Allow me to point you to the Observer’s list of six Texas political players who lost power in 2018. I’d call it five-sixths of a good list, plus one entry I don’t quite understand.
3) Bexar County Democrats
Want to understand the dysfunction and ineptitude of Texas Democrats? Look no further than Bexar County, where the local party is dead broke and mired with infighting. It’s a small miracle that Democrats were able to flip 24 county seats in November. But they still managed to bungle several other potential pickups.
After felon Carlos Uresti resigned from his San Antonio state Senate seat this year, Pete Gallego and the local party apparatus managed to lose the special election runoff, handing over a predominately Hispanic district that Democrats have held for 139 years to Republican Pete Flores. Ultimately, losing that seat allowed Lieutenant Governor Dan Patrick to keep his GOP supermajority in the upper chamber, as Democrats picked up two Dallas senate districts in November.
On top of that, San Antonio native Gina Ortiz Jones narrowly lost her bid to oust “moderate maverick” Will Hurd in the 23rd Congressional District. In a blue wave year, the perennial swing district that stretches from San Antonio to the western border should have been a gimme. But Ortiz Jones ultimately lost by about 1,250 votes — a margin that a functioning local party in the most important part of the district easily could have made up.
Then there’s Julián Castro, the Alamo City’s hometown hero. Along with his twin brother, the supposed face of the Democratic Party’s future decided to sit out the most important election cycle of his career because he didn’t want to risk sullying his profile with a statewide loss in Texas. Then he watched from the sidelines as some nobody from El Paso became a political phenom and now sits atop the 2020 presidential wishlists.
Castro also wants to run for president and is scrambling to lay down his marker in a crowded Democratic primary field, as if nothing has changed since he became a party darling in the late 2000s. The thing is, political power doesn’t last if you try to bottle it up to use at the most opportune time.
My first thought is, do you mean the Bexar County Democratic Party? The Democratic voters of Bexar County? Some number of elected officials and other insider types who hail from Bexar County? Every other item on the list is either an individual or a concise and easily-defined group. I don’t know who exactly author Justin Miller is throwing rocks at, so I’m not sure how to react to it.
Then there’s also the matter of the examples cited for why this nebulous group deserves to be scorned. Miller starts out strong with the Pete Flores-Pete Gallego special election fiasco. Let us as always look at some numbers:
Clearly, in two out of three elections the Bexar County part of SD19 was key to the Democrats. Carlos Uresti’s margin of victory in 2016 was about 37K votes, which as you can see came almost entirely from Bexar. The first round of the special election had the two top Dems getting nearly 70% of the vote in Bexar. It all fell apart in the runoff. You can blame Pete Gallego and his campaign for this, you can blame Roland Gutierrez for not endorsing and stumping for Gallego, you can blame the voters themselves. A little clarity, that’s all I ask.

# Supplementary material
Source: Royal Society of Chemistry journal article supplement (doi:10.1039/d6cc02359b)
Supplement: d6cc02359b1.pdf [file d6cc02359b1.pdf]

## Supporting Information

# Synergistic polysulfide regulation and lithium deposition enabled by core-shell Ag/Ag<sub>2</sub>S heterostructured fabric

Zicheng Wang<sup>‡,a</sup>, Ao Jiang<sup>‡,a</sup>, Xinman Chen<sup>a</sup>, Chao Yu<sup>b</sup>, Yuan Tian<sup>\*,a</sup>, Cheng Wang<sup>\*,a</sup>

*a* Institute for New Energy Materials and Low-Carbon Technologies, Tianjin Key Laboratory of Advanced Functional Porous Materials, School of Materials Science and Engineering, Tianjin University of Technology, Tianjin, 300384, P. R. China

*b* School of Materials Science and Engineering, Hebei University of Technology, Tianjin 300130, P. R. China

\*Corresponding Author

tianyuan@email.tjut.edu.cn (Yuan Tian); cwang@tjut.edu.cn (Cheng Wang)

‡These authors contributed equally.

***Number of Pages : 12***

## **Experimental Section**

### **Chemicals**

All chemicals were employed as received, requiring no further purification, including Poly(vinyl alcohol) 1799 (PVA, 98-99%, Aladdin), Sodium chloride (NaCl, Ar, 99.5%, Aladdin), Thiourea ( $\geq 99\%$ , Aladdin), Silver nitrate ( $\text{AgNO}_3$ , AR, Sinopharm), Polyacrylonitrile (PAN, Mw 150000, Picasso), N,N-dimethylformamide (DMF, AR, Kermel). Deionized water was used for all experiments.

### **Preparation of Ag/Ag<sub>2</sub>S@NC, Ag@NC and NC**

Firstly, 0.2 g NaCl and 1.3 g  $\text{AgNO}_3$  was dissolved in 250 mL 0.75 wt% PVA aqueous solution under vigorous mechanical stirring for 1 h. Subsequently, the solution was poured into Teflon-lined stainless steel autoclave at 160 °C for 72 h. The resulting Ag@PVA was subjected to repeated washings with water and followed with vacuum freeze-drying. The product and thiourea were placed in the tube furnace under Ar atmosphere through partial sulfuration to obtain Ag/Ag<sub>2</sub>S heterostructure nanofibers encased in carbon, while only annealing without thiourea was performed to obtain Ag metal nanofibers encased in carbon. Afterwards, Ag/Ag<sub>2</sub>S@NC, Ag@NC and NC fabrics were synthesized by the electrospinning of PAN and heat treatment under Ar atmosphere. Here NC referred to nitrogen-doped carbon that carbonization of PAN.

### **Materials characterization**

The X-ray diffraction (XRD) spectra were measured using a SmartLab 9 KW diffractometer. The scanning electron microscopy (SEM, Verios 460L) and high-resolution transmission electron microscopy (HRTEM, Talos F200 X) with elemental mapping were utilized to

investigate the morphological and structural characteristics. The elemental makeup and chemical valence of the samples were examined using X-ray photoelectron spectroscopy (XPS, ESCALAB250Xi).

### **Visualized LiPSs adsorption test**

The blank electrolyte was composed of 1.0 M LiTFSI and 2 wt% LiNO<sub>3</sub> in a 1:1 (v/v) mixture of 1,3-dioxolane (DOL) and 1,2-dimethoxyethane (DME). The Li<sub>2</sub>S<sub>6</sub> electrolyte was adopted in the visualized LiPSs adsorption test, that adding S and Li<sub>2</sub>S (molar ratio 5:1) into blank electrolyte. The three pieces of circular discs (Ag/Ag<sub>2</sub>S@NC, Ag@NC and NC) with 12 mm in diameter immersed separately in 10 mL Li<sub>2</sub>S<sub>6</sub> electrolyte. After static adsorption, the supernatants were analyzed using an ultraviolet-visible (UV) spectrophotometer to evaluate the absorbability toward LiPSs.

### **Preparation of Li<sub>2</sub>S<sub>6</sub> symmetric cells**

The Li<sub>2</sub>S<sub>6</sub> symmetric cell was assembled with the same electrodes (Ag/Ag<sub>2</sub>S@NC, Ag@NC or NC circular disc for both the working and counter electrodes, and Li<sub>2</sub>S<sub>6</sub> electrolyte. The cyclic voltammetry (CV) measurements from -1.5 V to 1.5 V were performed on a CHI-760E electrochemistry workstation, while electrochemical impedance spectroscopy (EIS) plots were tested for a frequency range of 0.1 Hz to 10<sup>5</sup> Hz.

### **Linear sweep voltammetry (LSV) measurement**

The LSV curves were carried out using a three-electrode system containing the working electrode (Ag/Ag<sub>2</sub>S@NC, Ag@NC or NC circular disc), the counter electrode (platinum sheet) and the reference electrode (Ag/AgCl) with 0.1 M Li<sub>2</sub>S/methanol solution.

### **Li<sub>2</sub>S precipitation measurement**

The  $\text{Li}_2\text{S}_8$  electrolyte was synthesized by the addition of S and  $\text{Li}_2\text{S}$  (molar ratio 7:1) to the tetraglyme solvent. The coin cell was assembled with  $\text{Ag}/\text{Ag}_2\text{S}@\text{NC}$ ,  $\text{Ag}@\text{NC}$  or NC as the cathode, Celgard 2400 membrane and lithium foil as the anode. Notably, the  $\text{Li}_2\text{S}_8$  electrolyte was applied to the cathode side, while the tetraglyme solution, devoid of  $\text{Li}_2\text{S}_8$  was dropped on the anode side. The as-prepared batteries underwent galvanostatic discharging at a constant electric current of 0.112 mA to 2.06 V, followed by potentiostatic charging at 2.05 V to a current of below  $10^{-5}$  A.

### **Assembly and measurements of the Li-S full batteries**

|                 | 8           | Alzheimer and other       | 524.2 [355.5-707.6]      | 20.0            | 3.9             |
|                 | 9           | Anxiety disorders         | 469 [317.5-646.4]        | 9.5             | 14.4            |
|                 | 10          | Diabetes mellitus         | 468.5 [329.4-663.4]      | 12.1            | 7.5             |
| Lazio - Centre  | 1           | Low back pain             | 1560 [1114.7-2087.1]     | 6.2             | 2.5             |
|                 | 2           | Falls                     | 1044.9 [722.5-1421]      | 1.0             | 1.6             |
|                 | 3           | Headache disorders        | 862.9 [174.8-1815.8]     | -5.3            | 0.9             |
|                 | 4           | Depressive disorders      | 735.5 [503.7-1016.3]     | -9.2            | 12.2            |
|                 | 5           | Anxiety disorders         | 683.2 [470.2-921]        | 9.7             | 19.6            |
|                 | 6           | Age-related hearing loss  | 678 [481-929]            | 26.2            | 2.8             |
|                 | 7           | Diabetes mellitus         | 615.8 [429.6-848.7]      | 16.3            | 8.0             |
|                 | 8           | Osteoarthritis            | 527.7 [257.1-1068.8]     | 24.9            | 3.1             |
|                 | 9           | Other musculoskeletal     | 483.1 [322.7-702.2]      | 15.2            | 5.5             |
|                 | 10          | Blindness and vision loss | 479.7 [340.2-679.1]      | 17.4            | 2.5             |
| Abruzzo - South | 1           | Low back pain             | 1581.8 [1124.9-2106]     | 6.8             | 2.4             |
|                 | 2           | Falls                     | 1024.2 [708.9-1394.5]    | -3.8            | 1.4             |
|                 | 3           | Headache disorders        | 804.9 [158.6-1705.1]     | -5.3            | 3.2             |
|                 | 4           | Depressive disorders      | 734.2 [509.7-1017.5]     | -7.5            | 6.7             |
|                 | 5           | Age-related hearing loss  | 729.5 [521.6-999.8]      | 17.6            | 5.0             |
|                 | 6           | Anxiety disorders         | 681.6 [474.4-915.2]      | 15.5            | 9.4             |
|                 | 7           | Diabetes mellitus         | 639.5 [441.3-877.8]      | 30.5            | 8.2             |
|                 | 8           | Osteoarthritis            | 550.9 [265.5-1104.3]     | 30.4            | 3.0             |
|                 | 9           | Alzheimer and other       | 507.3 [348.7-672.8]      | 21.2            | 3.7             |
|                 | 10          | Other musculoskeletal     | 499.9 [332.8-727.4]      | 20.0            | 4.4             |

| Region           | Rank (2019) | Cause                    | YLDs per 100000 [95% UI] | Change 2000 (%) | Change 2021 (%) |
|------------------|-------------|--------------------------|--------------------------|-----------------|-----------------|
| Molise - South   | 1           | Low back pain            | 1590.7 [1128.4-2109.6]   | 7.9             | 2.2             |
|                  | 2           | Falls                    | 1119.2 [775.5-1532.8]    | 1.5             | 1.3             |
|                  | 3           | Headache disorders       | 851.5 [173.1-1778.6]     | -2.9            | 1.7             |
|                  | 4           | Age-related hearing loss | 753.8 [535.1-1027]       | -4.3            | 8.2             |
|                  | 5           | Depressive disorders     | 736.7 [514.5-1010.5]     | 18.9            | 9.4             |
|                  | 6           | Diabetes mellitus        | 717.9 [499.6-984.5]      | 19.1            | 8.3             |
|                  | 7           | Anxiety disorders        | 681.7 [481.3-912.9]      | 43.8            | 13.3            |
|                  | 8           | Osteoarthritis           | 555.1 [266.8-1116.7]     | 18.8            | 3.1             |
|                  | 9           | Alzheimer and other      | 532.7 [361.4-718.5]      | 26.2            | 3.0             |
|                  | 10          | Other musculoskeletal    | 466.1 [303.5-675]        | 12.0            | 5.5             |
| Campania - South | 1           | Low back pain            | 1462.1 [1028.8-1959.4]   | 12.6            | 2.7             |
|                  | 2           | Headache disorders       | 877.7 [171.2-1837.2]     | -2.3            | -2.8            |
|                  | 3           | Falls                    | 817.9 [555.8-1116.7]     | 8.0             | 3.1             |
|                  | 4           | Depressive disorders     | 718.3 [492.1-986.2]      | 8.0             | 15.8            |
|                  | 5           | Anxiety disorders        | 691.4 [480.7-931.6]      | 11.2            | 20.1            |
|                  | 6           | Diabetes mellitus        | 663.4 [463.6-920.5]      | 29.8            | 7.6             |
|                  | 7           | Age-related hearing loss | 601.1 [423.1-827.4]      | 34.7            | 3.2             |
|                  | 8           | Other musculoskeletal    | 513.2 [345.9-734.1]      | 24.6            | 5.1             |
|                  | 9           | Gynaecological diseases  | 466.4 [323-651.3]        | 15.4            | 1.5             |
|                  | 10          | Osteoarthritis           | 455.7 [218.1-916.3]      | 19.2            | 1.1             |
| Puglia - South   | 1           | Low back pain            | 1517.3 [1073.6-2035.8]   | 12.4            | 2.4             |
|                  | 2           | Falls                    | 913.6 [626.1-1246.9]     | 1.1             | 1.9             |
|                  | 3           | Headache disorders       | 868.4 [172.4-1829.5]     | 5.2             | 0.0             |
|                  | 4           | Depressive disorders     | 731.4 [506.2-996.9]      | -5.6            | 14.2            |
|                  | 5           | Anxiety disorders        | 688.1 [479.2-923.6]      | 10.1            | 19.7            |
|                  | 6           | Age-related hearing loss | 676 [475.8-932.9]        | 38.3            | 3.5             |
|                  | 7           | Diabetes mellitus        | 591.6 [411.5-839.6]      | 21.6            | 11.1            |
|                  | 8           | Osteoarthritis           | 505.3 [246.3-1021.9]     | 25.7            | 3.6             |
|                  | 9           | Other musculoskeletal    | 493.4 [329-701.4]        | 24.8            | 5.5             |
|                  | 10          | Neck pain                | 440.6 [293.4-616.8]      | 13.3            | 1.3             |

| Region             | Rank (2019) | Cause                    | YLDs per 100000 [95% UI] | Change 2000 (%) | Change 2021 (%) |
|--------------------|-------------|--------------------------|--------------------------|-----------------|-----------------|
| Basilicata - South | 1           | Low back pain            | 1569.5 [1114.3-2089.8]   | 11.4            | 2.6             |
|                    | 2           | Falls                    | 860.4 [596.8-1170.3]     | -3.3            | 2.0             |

As for the Hurd-Ortiz Jones matchup, the numbers do not bear out the accusation.
Gallego trailed Hurd by 14K votes in Bexar, while Ortiz Jones trailed him by less than 5K. She got five thousand more votes in Bexar than Gallego did. Hurd had a bigger margin in Medina County and did better in the multiple small counties, while Ortiz Jones didn’t do as well in El Paso and Maverick counties. They’re much more to blame, if one must find blame, for her loss than Bexar is.
As for the Castros, I don’t think there was room for both of them to join the 2018 ticket. Joaquin Castro, as I have noted before, is right now in a pretty good position as a four-term Congressperson in a Dem-majority House. I hardly see how one could say he was wrong for holding onto that, with the bet that the House would flip. Julian could have run for Governor, but doing so would have meant not running for President in 2020, and might have ended his career if he’d lost to the surprisingly popular and extremely well-funded Greg Abbott. Would Beto plus Julian have led to better results for Texas Dems than just Beto did? It’s certainly possible, though as always it’s easy to write your own adventure when playing the counterfactual game. I agree with the basic premise that political power is more ephemeral than anyone wants to admit. I think they both made reasonable and defensible decisions for themselves, and it’s not at all clear they’d be better off today if they’d chosen to jump into a 2018 race. Life is uncertain, you know?